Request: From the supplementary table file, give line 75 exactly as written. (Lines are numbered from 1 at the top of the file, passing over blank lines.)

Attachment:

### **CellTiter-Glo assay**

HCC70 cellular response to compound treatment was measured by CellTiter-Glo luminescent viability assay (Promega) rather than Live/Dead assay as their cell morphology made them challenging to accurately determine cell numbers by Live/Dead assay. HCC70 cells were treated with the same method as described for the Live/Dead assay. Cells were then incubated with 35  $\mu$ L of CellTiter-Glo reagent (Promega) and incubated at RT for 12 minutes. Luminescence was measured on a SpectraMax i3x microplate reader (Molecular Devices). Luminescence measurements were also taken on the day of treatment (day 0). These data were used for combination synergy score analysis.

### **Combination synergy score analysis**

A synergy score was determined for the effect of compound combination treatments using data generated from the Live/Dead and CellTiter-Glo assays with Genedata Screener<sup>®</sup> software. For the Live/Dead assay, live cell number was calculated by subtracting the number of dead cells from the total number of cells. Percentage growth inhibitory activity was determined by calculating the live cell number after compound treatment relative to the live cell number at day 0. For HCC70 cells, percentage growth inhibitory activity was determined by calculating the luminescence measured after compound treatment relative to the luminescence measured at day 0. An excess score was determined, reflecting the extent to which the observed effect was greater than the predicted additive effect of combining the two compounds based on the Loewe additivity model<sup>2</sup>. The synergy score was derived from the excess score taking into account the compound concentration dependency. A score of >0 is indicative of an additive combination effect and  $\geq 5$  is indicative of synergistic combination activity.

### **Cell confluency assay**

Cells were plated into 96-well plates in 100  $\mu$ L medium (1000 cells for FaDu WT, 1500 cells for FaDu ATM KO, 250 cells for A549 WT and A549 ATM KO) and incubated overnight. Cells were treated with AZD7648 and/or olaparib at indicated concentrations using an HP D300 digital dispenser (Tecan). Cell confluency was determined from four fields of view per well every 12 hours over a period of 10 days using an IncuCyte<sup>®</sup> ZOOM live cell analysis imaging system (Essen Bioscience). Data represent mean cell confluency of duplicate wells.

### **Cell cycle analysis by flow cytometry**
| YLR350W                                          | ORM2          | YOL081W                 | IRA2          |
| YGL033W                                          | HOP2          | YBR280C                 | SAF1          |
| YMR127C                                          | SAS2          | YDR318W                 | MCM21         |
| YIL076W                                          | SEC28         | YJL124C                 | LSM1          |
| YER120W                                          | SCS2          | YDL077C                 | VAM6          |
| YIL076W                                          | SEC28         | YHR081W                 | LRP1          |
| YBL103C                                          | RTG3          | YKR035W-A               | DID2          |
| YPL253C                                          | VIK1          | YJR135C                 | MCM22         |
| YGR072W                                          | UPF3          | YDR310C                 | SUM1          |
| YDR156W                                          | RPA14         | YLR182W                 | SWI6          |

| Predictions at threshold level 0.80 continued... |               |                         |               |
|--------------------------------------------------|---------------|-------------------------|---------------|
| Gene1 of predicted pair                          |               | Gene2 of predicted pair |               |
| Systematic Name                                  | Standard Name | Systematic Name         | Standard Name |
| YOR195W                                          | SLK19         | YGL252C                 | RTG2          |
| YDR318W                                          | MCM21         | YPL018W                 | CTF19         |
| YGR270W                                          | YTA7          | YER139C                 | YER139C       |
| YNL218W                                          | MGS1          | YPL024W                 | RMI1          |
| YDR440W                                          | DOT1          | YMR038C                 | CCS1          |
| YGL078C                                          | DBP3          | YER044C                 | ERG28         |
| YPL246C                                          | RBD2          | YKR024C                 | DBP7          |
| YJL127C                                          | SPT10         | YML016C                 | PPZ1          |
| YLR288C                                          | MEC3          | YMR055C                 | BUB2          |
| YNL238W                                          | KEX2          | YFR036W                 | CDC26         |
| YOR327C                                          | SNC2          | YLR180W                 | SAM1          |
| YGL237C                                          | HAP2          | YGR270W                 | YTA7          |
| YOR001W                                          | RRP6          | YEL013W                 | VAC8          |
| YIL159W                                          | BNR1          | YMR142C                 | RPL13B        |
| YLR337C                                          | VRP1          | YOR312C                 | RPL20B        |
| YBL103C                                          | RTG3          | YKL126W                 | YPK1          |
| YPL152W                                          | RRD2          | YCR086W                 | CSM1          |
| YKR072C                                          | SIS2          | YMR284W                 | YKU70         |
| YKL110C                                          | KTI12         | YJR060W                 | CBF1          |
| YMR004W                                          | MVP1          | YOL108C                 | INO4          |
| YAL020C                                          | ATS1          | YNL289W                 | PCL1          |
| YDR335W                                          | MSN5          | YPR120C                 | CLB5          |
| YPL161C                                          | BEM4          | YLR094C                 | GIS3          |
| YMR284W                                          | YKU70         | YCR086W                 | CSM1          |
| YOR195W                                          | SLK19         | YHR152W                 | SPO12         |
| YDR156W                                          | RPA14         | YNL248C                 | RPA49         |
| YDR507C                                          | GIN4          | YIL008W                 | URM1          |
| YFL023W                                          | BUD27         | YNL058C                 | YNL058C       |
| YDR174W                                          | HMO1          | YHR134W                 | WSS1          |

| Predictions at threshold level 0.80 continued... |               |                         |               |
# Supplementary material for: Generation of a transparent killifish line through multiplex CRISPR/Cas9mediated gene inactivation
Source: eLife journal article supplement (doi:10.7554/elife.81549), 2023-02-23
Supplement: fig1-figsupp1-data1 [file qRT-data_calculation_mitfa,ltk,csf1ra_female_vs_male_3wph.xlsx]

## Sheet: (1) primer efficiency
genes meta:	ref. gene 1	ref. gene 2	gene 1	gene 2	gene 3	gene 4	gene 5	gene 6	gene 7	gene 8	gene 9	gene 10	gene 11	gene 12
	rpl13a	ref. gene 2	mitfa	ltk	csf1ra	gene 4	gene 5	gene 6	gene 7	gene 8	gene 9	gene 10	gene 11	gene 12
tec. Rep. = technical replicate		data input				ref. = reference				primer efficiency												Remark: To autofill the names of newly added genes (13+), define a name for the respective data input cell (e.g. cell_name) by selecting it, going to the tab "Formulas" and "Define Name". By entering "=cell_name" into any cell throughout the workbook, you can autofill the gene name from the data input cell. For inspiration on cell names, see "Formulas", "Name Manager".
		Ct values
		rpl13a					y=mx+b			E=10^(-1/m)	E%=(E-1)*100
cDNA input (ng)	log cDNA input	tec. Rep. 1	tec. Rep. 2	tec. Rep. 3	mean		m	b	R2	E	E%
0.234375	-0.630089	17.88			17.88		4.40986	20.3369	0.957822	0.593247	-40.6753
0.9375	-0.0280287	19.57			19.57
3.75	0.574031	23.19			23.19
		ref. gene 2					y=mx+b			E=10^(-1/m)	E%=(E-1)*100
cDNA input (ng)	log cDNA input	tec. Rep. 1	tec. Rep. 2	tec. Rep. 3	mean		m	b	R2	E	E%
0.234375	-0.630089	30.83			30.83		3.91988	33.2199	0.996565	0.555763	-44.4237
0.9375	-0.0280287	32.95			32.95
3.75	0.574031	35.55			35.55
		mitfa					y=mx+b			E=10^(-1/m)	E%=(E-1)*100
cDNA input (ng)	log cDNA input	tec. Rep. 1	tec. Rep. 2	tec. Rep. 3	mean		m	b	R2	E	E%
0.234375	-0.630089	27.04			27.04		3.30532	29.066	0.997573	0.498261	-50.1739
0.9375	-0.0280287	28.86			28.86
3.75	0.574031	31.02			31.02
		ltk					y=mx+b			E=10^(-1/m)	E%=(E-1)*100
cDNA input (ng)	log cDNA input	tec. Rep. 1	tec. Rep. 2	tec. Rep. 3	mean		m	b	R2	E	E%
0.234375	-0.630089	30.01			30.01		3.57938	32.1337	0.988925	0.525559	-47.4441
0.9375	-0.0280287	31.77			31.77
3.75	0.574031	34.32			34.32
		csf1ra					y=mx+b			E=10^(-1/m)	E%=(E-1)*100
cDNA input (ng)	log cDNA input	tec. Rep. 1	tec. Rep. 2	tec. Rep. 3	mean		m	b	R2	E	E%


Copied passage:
		ltk					y=mx+b			E=10^(-1/m)	E%=(E-1)*100